Touring with Wonder we used mics on stage facing the crowd. For acoustic jazz or classical, the on-stage mics get enough, maybe too much. CYA and put them up, but you may find you don't need them.
Old 12th January 2016
  #14
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Have a look at hauptmikrofon. de , ambience, ambience paper.
Old 13th January 2016
  #15
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The OP raises a very important point: ambiance is a critical factor in all audio recording and it is particularly important in capturing live performance. Micing an audience to blend in ambient crowd response is a direct by-product of isolating primary performers with tight card mics for several reasons. (Hot back lines with punchy percussion, Have always used SM58s, etc. etc.) In studio work one school of thought is to create a "dead rubber room" and electronically add back ambient effects, Reverb and Delays, as opposed to building a tracking room designed with attractive acoustic dimensions and furnishings that produce natural ambient effects. Adding back needed elements is always more diffacult to manage than capturing it well initially. I am impressed with the depth of expertise several contributors have demonstrated with their extensive experience in network broadcast work: However the limited every day practioner will not have the resources to set-up and process appropriately most of these protocols. The good news is in acoustic performance several high end mics in card pattern will naturally pick up ambient audience response in a much more realistic way while capturing a detailed quality recording of the subject performer or performers. This is another case of less being more IMO.
Hugh

Last edited by hughshouse; 13th January 2016 at 11:31 PM..
Old 14th January 2016
  #16
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jwh1192's Avatar
2x Senn 416'2 .. done .. they reject in all the right ways .. just my .02

or in the spirit of GS i had to EDIT ... make that 4x 416's
Old 15th January 2016
  #17
If you are recording a rock show in a medium to large venue, you need to choose "audience mics" as opposed to "room mics".

For years, I hung a variety of mics from many different locations all over the venue. That never gave me an audience sound that could be blended into my mix without time smearing. The closer you get to the crowd, the better the audience sound. Hanging mics from a lighting truss or balconies never gave me much more than nasty PA bleed.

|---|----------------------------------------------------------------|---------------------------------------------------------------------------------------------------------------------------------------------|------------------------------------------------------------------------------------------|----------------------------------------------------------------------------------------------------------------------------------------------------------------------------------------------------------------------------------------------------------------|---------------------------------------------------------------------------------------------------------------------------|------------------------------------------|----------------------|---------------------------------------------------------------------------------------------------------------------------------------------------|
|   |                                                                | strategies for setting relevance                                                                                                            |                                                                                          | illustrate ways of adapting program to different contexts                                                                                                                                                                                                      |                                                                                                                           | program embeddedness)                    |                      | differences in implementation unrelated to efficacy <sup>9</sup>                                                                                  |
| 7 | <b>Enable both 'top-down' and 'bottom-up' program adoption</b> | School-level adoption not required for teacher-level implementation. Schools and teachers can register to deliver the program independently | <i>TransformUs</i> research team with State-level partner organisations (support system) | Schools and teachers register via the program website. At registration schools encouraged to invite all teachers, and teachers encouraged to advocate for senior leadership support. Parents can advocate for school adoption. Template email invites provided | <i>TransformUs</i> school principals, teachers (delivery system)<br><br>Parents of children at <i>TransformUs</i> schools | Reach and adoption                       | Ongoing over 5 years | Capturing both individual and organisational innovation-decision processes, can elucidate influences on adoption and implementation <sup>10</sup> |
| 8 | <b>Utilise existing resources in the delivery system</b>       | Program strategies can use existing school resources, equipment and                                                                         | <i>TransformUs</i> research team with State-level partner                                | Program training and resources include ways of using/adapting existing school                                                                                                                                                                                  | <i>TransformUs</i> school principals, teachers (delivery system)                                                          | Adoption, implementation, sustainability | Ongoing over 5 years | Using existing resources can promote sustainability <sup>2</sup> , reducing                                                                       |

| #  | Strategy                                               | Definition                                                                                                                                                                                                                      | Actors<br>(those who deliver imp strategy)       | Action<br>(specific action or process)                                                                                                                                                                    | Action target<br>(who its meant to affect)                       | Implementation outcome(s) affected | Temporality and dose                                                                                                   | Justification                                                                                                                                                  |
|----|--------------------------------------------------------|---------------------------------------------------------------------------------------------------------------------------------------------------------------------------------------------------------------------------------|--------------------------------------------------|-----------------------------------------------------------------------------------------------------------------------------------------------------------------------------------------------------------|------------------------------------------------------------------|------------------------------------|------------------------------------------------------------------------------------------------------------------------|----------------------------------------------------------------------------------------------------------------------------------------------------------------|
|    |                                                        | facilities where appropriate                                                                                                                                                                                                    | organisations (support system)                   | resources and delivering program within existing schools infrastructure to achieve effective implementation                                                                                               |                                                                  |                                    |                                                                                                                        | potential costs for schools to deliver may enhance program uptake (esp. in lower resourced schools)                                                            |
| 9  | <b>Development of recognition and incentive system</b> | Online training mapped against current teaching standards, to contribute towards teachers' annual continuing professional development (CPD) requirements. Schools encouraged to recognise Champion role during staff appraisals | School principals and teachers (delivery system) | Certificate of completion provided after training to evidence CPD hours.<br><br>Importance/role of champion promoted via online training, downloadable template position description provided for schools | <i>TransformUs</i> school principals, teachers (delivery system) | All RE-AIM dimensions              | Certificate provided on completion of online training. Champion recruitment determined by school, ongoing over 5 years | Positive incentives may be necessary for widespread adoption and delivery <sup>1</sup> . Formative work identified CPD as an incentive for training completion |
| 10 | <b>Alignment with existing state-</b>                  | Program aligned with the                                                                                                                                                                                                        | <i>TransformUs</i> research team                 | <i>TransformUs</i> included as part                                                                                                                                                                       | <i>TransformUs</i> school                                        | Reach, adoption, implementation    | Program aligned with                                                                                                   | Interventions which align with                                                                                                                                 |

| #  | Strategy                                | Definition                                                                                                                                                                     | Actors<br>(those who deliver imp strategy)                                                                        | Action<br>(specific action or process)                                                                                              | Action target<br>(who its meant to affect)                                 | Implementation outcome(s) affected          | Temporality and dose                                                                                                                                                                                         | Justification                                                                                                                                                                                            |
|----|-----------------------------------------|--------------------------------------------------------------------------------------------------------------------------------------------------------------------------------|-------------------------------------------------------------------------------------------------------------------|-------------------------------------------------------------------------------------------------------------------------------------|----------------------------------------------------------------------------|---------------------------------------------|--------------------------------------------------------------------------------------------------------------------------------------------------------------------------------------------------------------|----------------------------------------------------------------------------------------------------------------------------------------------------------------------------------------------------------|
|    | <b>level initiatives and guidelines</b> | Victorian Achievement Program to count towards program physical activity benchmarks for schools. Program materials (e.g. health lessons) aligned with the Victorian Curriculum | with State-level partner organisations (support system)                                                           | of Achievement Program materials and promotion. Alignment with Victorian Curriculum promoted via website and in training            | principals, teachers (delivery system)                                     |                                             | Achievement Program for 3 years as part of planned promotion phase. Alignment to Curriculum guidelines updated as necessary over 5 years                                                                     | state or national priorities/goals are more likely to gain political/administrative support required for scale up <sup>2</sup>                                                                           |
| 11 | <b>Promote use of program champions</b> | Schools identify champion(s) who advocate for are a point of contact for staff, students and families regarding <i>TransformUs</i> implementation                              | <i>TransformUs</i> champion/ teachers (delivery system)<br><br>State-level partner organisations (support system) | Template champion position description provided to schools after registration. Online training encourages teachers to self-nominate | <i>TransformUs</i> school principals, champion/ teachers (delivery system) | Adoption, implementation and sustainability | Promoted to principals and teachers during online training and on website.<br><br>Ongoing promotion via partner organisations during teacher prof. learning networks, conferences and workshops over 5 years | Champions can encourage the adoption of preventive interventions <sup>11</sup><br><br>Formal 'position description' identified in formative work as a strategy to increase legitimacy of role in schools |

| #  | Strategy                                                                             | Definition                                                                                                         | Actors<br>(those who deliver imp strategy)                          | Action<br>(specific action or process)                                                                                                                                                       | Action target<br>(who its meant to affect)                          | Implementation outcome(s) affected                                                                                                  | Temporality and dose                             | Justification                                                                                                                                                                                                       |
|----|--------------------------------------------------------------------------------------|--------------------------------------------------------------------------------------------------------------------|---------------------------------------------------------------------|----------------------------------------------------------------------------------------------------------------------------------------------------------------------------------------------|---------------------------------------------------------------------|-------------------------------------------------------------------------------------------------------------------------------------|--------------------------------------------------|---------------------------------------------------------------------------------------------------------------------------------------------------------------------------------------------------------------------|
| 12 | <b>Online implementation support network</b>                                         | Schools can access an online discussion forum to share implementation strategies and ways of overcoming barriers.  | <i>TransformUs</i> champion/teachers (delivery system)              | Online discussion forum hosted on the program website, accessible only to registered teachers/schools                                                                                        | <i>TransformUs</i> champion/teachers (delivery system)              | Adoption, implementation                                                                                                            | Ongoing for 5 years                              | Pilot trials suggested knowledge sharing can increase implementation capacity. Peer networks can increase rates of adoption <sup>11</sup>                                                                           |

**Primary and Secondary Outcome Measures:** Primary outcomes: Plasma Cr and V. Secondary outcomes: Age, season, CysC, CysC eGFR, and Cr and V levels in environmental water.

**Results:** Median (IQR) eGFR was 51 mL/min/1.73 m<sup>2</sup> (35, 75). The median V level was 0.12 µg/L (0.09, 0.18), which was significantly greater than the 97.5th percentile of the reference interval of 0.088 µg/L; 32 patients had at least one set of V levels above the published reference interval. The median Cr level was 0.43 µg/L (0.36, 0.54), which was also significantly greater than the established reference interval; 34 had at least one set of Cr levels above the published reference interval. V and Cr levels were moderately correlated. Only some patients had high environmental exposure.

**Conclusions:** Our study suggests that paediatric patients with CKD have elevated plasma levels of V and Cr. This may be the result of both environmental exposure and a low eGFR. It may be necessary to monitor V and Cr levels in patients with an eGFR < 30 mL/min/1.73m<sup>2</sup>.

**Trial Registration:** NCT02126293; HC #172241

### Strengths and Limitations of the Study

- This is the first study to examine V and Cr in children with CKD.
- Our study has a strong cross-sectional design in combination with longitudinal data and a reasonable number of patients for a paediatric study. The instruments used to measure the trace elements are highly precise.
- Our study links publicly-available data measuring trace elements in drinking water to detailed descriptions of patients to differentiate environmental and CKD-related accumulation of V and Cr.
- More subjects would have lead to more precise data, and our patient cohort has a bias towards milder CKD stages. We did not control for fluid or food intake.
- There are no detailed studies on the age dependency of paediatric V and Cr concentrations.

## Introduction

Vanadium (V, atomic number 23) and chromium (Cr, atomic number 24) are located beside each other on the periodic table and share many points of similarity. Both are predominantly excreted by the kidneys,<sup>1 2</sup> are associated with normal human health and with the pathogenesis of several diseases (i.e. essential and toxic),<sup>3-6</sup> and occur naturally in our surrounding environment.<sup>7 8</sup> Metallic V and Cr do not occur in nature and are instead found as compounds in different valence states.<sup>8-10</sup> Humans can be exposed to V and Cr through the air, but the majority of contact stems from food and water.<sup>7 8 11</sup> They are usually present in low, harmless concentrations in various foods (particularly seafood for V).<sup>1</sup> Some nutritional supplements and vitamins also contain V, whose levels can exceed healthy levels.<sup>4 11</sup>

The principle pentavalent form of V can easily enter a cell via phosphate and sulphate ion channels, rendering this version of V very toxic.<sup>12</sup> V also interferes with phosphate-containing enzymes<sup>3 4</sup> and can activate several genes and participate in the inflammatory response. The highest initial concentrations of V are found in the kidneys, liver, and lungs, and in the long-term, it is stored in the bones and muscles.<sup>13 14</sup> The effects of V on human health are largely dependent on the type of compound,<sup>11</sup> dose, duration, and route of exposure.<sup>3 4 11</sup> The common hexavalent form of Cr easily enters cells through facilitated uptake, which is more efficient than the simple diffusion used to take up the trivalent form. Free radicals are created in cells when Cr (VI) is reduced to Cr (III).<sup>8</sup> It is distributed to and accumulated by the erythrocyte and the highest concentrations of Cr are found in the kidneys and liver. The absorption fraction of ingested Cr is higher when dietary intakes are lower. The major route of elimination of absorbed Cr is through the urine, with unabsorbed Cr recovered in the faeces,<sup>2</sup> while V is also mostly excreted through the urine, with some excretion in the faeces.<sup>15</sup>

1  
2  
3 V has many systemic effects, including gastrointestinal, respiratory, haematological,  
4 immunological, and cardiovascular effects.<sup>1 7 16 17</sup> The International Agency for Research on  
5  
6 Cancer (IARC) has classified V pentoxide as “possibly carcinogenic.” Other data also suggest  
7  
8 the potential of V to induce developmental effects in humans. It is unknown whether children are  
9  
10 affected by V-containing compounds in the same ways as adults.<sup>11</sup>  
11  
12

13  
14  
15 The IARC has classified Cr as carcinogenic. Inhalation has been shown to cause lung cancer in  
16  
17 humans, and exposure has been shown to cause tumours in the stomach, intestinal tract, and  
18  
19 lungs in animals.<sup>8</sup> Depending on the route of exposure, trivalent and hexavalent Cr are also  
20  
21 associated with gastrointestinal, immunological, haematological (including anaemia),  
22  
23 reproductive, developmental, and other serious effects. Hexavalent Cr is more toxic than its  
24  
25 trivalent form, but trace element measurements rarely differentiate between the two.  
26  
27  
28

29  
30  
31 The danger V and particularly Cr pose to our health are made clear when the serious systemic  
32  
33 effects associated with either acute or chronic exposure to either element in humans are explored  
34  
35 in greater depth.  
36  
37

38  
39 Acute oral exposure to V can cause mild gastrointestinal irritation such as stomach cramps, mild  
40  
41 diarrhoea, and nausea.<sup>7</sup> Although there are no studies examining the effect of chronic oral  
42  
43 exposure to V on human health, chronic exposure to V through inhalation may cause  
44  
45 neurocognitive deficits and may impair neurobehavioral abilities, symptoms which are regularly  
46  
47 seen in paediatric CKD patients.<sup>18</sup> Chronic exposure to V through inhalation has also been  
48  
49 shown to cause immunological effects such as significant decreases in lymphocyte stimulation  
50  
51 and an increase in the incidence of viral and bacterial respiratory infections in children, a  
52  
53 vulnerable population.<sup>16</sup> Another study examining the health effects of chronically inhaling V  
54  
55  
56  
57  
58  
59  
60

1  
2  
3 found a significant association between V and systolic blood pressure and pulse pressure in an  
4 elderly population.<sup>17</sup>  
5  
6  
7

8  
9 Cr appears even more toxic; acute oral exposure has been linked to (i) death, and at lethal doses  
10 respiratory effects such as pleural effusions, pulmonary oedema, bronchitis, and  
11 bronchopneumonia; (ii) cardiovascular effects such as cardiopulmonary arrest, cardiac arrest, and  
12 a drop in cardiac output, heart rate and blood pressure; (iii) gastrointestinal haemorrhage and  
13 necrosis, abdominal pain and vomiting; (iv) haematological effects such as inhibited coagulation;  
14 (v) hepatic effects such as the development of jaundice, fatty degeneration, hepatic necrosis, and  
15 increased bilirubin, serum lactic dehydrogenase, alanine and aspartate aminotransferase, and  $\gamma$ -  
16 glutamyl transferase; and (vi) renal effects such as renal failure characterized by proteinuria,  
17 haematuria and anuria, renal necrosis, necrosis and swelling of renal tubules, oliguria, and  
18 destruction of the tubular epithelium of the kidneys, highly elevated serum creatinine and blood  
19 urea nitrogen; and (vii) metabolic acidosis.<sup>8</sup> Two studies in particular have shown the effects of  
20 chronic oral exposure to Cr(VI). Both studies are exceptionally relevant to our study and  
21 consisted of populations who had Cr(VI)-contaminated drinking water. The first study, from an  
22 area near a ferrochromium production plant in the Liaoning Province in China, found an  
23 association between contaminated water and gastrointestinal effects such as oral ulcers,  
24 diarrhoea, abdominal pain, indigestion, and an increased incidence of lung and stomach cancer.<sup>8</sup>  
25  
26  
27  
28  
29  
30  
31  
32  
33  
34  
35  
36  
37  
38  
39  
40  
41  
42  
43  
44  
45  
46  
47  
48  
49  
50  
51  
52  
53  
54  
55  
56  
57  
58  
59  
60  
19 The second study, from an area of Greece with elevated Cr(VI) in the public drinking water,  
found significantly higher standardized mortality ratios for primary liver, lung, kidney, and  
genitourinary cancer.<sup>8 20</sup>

If the audience's average age is under 30 years old, nobody in the rear of the hall is listening to the show anyway. They're all chatting on their iPhones. The folks in the front of the stage are energetic and involved in the music.

My primary strategy is two pairs of condenser shotguns, one long and one short. I place a long (Shure SM-89, Audio-Technica AT835b) and shorter shotgun (AKG C-568, Rode NTG-1) on the same tall boom stand located stage left and right inside of the PA stacks. The long shotgun mounts on the boom arm, the short is attached lower on the straight part of the stand with an On-Stage MY550 clamp. The short shots are aimed at the center of the audience about ten rows back, the long shotguns are aimed at the center about half way back. Shock mounts are a must.

If possible, I'll add a pair of cardioid condensers or a stereo mic in the center. I'll clamp a pair of Shure SM-81s with Manfrotto Super-Clamps to the front lip of the stage aiming at the center of aisles. Or I'll gaff tape a pair of Crown PCC-160 plate mics to the stage deck slightly left and right. We put lumo-tape on the tops of the Crown mics so they won't get stepped on in the dark.

If the show is outdoors, you need to use dead cat windscreens.

If you're recording a jazz or folk gig at a smaller venue, swap regular cardioid mics for the shotguns.

If the show is in a funky venue with a rowdy crowd, try using cheaper Chinese mics. That's better than getting your expensive mics doused with beer!
Old 15th January 2016
  #18
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jwh1192's Avatar
Tim Powell .. this is John, formally of House of Blues in Los Angeles .. Prince show many years ago, Chicago, dead of winter, people lined up around the block, he went on 3 hours late .. he had the Twins on this tour .. kerry directing .. i was running the camera in the Pit .. he put on a great show that night .. and you made a really sweet recording of that .. who knows where that is .. Tim has done few great recordings for us, Kool and the Gang was another memorable one .. hope you are well .. sorry to hijack ..

i will stick to my 416's ...
Old 15th January 2016
  #19
That was a really cold day! The artist was a female singer named Tamar, who was produced by Prince. He was her musical director and lead guitarist. 2006 at the Congress Theater...
Old 15th January 2016
  #20
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jwh1192's Avatar
thank you for the clarity on that one .. and yes, it was Damn Cold .. that is where i fell in love with Prince as a Gtr Player again ..

Quote:
Originally Posted by Timothy Powell View Post
That was a really cold day! The artist was a female singer named Tamar, who was produced by Prince. He was her musical director and lead guitarist. 2006 at the Congress Theater...